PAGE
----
The EESC issues between 160 and 190 opinions and information reports a year.
It also organises several annual initiatives and events with a focus on civil society and citizens’ participation such as the Civil Society Prize, the Civil Society Days, the Your Europe, Your Say youth plenary and the ECI Day.
The EESC brings together representatives from all areas of organised civil society, who give their independent advice on EU policies and legislation. The EESC's326 Members are organised into three groups: Employers, Workers and Various Interests.
The EESC has six sections, specialising in concrete topics of relevance to the citizens of the European Union, ranging from social to economic affairs, energy, environment, external relations or the internal market.
According to Eurostat figures, in May 2016 there were 4,197 million unemployed young people(18.6%) in the EU-28. Although an improvement on the previous year (20.3%), the figure remains appalling and shows that the threat of a "lost generation", which has loomed large since the beginning of the economic and financial crisis, is still hanging dangerously over Europe. Despite this, businesses across the EU are struggling to find young people with the skills they need.
To tackle this twofold problem, the EESC believes that a European skills offensive is needed. This should aim to combat the mismatch between the skills in demand on the labour market and young people's actual skills when they enter it. The EESC is persuaded that the key ingredients of a strategy to solve this pressing problem should include an education to entrepreneurship and the enhancement of ICT and soft skills, a well-functioning apprenticeship system and measures facilitating mobility.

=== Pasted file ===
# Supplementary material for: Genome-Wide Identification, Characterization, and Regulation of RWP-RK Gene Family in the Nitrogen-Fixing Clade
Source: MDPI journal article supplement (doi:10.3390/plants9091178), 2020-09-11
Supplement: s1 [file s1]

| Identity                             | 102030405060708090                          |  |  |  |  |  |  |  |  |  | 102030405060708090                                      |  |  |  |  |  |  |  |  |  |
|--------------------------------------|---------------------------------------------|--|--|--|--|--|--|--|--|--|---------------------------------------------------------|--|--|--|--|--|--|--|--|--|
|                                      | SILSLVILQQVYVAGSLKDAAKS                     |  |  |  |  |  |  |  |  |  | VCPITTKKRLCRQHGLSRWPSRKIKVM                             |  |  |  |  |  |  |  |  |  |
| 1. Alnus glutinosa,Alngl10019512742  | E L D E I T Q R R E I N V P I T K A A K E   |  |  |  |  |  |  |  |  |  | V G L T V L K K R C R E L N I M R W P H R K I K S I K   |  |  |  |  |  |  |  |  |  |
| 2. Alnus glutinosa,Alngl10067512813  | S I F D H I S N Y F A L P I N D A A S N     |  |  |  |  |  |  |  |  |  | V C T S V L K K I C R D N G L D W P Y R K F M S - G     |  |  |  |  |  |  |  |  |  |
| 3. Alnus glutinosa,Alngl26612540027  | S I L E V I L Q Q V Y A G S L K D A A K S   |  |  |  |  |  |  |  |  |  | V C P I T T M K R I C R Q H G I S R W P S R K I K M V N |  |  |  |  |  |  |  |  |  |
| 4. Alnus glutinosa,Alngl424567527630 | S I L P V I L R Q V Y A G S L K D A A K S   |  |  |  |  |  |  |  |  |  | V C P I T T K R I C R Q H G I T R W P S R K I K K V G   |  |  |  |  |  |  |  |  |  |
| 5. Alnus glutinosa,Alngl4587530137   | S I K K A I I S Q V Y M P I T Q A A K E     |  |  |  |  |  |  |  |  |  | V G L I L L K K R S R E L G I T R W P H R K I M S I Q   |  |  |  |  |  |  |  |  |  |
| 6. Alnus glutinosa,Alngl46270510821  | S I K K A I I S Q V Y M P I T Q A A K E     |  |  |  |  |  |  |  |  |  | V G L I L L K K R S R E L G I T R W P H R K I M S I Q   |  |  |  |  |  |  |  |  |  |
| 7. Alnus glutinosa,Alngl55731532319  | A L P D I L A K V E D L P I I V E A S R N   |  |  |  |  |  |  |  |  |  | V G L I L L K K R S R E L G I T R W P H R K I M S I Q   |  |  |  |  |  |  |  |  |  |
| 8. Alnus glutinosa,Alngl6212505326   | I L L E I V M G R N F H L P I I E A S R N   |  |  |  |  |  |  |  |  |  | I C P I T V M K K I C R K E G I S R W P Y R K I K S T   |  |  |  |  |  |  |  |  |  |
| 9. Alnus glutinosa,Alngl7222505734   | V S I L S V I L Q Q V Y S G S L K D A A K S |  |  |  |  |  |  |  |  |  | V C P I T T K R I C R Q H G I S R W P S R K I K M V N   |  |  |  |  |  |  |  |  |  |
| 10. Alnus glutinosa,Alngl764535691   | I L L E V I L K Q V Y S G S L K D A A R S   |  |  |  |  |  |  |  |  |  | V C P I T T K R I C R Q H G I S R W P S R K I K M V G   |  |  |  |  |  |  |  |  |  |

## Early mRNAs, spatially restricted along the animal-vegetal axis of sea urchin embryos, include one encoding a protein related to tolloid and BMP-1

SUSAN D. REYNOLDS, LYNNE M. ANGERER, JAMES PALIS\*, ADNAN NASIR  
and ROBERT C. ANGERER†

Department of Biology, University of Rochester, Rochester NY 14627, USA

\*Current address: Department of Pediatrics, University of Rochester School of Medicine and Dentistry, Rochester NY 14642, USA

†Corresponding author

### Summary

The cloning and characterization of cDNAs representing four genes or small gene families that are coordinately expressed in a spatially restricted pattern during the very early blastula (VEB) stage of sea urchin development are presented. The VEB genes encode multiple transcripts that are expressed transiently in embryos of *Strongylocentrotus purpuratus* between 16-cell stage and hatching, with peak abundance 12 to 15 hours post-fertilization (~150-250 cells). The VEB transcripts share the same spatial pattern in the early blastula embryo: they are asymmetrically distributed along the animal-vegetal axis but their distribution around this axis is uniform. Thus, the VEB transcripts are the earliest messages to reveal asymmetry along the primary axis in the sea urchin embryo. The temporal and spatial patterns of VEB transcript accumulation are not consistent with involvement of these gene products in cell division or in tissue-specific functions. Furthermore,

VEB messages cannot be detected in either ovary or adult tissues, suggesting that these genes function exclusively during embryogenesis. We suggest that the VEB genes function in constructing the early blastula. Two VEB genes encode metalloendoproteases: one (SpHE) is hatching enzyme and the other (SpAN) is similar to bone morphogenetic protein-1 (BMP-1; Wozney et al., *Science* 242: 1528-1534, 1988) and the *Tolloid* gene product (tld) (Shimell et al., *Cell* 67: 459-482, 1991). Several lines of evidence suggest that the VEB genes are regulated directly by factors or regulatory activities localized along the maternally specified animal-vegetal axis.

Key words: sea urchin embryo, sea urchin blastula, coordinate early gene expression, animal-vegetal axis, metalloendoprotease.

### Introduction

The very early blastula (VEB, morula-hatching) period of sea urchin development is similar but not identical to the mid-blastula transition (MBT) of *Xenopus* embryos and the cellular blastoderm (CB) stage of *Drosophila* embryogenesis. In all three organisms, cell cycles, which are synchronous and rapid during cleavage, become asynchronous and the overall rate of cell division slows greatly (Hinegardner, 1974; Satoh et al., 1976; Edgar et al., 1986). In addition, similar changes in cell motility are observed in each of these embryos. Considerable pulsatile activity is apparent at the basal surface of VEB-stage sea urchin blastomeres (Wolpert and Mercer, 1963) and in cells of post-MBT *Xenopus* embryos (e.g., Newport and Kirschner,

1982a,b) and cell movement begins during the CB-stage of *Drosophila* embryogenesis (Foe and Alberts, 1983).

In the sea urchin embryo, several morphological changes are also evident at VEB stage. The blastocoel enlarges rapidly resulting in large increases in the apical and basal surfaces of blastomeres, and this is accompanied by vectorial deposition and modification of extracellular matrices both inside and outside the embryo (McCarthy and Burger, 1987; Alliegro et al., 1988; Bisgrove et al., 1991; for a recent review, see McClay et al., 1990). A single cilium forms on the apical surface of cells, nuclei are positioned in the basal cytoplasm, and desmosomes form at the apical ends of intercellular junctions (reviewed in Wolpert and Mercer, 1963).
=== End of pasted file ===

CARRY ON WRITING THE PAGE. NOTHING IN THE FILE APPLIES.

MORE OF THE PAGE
Entrepreneurship education should aim to give all learners the opportunity to develop the range of skills and competences required of entrepreneurs, including a sense of initiative, the ability to turn ideas into action, creativity, innovation, risk-taking, management, communication and team work expertise. It should be included at all levels of education and training so as to enable the continuous development of these skills across the curriculum. Digital knowledge and skills are now a core part of everyone's economic and social lives and should likewise cover all stages and forms of education.
Well-functioning apprenticeships and other quality forms of work-based learning can help young people make a smoother transition from school to employment. Dual learning systems have proven to be very effective in this respect and Member States which do not have such systems should explore the costs involved in developing them, compared with the benefits for companies' competitiveness and young peoples’ job opportunities. Partnerships between schools, training centres, trade unions and the business community are also important, and employers will get more involved in apprenticeship schemes when these genuinely meet their needs. As from 2017, the EESC plans to support the creation of such partnerships in the framework of a joint project with Cedefop.
Mobility is another key element in matching the employability of youths searching for jobs with the needs of the market. Language skills are essential to ensure that European citizens are able to move, work and learn freely and so is the recognition and transparency of skills and qualifications. A European Area of Skills and Qualifications would be crucial in this respect.
Finally, the EESC believes that investment to improve youth employability through skills enhancement is crucial for the future of European economies and societies and therefore recommends that Member States' resources allocated for quality education should not be considered as expenditure but as essential investment to build a better future for all.
The Committee welcomes the publication of the New skills agenda for Europe by the Commission and is currently preparing an opinion on it.
"Improving young people's skills and employability is not a matter solely for young people. It is a responsibility that should be faced and shared by all stakeholders - governments, schools and universities, the social partners and others. Employers, workers and organised civil society players know what skills are needed in the world of work and are eager to share their reservoir of expertise and wealth of insights to ensure that Europe's next generation is equipped with the skills to actively shape its own present and future" says Vladimíra Drbalová, rapporteur of several EESC opinions on this subject.
EESC recent opinions and studies on youth skills and employability: